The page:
Defendants move to dismiss Count IV, arguing that Plaintiffs have failed to establish a Monell claim against the CTA as there is no allegation that Claypool, the CTA President, has final policymaking authority. Plaintiffs allege that Claypool, as the CTA President, was an official policymaker for the CTA and he instructed and delegated the task to install the video cameras to other Individual Defendants. Defendants argue that the fact that Claypool has “decision-making” authority does not render that official a final policymaker. It is well settled that a municipality is not vicariously liable under Section 1983 for the actions of its employees unless the employee acted pursuant to a municipal policy or custom. Monell, 436 U.S. at 658. When a plaintiff brings a Monell claim, a municipal entity like the CTA is only responsible for “[its] own illegal acts.” Connick v. Thompson, 131 S.Ct. 1350, 1359 (2011). A plaintiff may establish an official policy or custom by showing: (i) an express policy that, when enforced, causes a constitutional deprivation; (ii) a widespread practice that, although not authorized by written law or express municipal policy, is so permanent and well-settled as to constitute a “custom or usage” with the force of law; or (iii) the act of a person with final policy-making authority. Guzman v. Sheahan, 495 F.3d 852, 859 (7th Cir. 2007). The determination of whether a person has policymaking authority is a question of state law, and is to be decided by the Court. Valentino v. Vill. of S. Chicago Heights, 575 F.3d 664, 675 (7th Cir. 2009).

Plaintiffs plead in their Complaint that a single decision by a municipal policy maker can give rise to liability under Section 1983 and do not allege that what occurred was an express policy or widespread practice. After review, the well-pleaded allegations in Count IV will stand. Plaintiffs have pleaded enough factual content that allows the Court to draw the reasonable inference that Claypool, as the CTA President, may have possessed, or had been delegated, final policy-making authority that resulted in the violation of Plaintiffs’ constitutional rights. See Fabiano v. City of Palos Hills, 336 Ill.App.3d 635, 656 (2002). Discovery will show the relationship between the CTA Board and Claypool, including whether the Board delegated Claypool the power to install and use the video cameras or if the CTA Board conferred the final policy-making authority to someone else to establish official municipal policy. See Radic v. CTA, 73 F.3d 159, 161 (7th Cir. 1996) (finding that the plaintiff “needed to show that the Board somehow acted to confer policymaking authority on a particular official before his or her actions could be considered policy decisions); see also City of St. Louis v. Praprotnik, 485 U.S. 112, 126 (1988) (“If the mere exercise of discretion by an employee could give rise to a constitutional violation, the result would be indistinguishable from respondeat superior liability”). These facts will assist the Court in determining whether Claypool had final policymaking authority, but at this present posture, and based on the allegations in the Complaint, it is plausible that CTA President Claypool was delegated final policymaking authority. For this reason, the instant matter is distinguishable from the main case cited by Defendants, Ball v. City of Indianapolis, because Claypool served in such a high leadership position for the CTA. Ball, 760 F.3d 636, 643 (7th Cir. 2014) (where the Seventh Circuit held that the plaintiff’s Monell claim failed because he supplied no reason to believe that an ordinary police officer was a final policymaker when he drafted and signed a probable cause affidavit). Therefore, we deny Defendants’ motion to dismiss Count IV. The sufficiency of Plaintiffs’ alleged constitutional violations is discussed below.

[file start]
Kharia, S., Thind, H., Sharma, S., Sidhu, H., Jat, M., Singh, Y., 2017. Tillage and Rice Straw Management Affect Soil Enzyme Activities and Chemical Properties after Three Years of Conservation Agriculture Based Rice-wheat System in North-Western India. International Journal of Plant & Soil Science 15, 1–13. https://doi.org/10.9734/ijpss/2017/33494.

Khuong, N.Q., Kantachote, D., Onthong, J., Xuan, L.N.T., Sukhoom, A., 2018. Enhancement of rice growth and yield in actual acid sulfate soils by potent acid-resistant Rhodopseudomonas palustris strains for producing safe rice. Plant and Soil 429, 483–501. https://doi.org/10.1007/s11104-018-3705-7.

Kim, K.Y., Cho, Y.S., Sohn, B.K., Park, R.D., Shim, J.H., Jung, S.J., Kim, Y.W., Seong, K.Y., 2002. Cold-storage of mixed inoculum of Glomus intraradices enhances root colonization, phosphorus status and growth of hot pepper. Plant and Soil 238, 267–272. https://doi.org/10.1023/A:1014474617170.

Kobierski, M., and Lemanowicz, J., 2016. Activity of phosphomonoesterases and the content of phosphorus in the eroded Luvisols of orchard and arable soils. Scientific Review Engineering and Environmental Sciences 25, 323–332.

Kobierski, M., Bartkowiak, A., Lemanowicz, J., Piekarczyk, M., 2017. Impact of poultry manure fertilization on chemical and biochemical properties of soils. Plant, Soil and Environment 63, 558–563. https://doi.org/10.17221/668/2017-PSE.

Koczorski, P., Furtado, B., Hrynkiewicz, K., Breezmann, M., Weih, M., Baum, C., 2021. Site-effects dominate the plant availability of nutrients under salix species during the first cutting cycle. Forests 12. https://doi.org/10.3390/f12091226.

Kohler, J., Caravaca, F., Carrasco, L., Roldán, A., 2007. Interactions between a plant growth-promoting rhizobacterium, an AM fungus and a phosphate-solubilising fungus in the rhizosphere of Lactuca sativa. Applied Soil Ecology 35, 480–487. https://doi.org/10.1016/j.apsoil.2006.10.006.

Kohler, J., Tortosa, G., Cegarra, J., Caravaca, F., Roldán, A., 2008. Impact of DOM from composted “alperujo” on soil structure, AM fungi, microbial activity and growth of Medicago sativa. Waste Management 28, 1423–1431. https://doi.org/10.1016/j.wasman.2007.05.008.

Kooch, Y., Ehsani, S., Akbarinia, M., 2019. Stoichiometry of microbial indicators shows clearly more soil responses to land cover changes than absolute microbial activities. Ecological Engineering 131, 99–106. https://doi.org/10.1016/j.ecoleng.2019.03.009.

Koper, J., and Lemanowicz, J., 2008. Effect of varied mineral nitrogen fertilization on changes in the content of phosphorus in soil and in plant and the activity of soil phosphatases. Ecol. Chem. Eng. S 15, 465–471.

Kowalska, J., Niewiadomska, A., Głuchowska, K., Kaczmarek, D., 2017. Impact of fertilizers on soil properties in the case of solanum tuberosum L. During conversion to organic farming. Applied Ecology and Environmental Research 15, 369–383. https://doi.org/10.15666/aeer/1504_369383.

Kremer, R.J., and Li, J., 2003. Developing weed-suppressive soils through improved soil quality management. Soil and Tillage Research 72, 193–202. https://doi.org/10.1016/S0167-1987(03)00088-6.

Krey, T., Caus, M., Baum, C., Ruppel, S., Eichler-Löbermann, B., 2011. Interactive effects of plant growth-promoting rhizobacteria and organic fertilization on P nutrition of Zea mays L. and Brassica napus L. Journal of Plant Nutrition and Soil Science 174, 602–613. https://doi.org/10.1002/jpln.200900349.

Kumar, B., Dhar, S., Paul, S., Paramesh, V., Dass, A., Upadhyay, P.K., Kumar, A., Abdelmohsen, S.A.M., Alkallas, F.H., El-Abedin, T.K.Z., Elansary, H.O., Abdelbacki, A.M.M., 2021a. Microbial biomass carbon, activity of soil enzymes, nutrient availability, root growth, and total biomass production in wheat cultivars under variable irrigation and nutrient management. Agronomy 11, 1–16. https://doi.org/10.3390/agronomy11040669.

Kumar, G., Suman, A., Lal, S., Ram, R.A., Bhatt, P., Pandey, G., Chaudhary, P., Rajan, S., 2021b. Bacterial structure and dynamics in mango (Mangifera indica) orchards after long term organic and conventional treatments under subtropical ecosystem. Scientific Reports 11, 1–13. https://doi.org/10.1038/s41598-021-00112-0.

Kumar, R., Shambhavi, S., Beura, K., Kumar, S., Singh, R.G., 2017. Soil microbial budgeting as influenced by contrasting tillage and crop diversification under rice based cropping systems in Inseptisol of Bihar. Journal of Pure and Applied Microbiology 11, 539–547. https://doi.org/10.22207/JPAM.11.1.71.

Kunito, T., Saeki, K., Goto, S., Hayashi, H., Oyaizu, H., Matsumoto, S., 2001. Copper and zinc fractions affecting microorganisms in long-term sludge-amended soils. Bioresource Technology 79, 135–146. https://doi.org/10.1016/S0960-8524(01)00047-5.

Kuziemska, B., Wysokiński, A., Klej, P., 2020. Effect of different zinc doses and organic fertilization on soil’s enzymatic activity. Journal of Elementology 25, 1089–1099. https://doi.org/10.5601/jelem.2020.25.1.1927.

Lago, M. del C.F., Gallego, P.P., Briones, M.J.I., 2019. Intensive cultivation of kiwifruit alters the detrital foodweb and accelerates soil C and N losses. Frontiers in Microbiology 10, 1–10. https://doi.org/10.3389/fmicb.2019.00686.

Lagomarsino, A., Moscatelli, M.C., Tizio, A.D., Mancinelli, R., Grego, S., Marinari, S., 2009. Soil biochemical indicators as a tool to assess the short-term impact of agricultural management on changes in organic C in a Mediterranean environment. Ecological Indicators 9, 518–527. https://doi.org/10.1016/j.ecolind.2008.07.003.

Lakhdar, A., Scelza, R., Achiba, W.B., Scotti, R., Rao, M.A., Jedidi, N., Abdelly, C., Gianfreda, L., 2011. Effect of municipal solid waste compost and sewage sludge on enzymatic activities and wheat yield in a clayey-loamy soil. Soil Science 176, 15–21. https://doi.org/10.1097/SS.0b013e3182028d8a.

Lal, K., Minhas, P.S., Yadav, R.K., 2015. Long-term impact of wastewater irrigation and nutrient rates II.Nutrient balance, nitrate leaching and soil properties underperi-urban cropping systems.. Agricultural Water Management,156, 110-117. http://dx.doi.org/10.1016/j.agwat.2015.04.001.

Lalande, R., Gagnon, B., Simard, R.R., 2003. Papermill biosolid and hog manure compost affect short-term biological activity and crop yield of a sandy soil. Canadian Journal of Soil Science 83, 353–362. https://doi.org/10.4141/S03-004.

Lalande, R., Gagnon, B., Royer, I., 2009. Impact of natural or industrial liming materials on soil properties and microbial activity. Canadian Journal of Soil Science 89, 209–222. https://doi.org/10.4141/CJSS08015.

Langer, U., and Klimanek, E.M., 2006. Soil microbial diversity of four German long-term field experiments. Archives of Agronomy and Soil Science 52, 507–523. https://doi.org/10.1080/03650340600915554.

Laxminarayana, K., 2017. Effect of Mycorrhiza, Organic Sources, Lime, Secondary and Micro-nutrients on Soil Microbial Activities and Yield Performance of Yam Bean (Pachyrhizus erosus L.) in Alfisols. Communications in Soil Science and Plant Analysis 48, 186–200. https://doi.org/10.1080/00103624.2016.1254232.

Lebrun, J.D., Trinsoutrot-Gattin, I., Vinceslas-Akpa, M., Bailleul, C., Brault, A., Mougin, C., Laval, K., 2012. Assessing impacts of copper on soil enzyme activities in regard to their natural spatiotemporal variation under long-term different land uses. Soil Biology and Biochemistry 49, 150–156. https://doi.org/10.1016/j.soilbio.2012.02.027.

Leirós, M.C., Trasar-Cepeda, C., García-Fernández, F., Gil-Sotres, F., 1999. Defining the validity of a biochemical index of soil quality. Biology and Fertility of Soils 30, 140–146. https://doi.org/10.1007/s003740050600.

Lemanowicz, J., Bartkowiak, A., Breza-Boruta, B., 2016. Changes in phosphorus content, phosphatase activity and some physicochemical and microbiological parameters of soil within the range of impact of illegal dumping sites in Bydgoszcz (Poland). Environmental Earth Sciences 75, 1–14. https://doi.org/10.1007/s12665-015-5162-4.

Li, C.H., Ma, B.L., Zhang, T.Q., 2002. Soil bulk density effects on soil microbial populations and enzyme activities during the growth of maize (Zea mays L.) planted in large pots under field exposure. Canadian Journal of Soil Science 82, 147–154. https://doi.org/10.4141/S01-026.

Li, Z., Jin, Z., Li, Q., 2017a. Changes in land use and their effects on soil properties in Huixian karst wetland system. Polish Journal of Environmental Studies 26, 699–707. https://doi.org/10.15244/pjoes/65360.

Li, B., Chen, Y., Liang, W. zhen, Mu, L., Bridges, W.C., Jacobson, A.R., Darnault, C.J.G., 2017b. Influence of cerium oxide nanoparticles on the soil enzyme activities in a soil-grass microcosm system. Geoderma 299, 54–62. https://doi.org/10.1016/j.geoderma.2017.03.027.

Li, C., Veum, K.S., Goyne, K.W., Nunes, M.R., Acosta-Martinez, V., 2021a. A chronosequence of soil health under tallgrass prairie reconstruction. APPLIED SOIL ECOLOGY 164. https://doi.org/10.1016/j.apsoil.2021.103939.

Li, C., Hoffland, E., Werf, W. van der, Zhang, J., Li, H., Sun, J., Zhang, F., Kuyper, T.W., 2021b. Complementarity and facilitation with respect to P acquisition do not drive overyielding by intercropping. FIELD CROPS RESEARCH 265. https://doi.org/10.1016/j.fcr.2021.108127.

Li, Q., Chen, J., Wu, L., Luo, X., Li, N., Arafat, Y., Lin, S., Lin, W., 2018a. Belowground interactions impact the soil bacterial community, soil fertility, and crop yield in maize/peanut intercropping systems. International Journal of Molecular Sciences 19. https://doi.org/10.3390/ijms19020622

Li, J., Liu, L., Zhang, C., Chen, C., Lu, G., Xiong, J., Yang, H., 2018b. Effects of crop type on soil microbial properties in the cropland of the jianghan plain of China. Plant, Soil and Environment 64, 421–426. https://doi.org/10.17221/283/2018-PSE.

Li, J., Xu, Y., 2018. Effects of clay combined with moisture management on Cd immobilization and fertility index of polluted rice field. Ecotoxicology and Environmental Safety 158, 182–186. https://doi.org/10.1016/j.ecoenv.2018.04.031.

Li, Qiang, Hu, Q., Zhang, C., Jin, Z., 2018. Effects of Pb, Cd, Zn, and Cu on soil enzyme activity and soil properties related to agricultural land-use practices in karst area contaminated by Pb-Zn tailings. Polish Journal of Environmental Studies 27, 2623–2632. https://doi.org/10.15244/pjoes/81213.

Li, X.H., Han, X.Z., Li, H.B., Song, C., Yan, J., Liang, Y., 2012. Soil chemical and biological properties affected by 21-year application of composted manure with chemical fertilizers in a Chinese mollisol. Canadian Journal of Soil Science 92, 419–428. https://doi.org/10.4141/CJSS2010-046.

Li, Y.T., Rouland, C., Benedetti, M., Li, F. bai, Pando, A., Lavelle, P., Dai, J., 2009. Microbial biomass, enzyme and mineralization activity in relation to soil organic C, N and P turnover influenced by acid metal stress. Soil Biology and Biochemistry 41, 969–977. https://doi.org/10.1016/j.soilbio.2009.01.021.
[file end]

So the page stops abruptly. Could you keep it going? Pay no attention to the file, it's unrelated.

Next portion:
B. Counts I: Section 1983 Claims Against the Individual Defendants

The Court will now address Defendants’ argument that Plaintiffs have failed to sufficiently plead an unreasonable workplace search and seizure violation under the Fourth Amendment to support their Section 1983 claims. Defendants state that the Individual Defendants are entitled to qualified immunity and Plaintiffs have failed to meaningfully respond to their defense of qualified immunity.

Section 1983 provides a private right of action to remedy violations of constitutional and federal statutory rights committed under color of law. 42 U.S.C. § 1983. To state a claim under Section 1983, Plaintiffs must allege that each defendant was personally involved in the alleged constitutional deprivation. See Gentry v. Duckworth, 65 F.3d 555, 561 (7th Cir. 1995). To be personally responsible, an official must know about the conduct and facilitate it, approve it, condone it, or turn a blind eye. Id.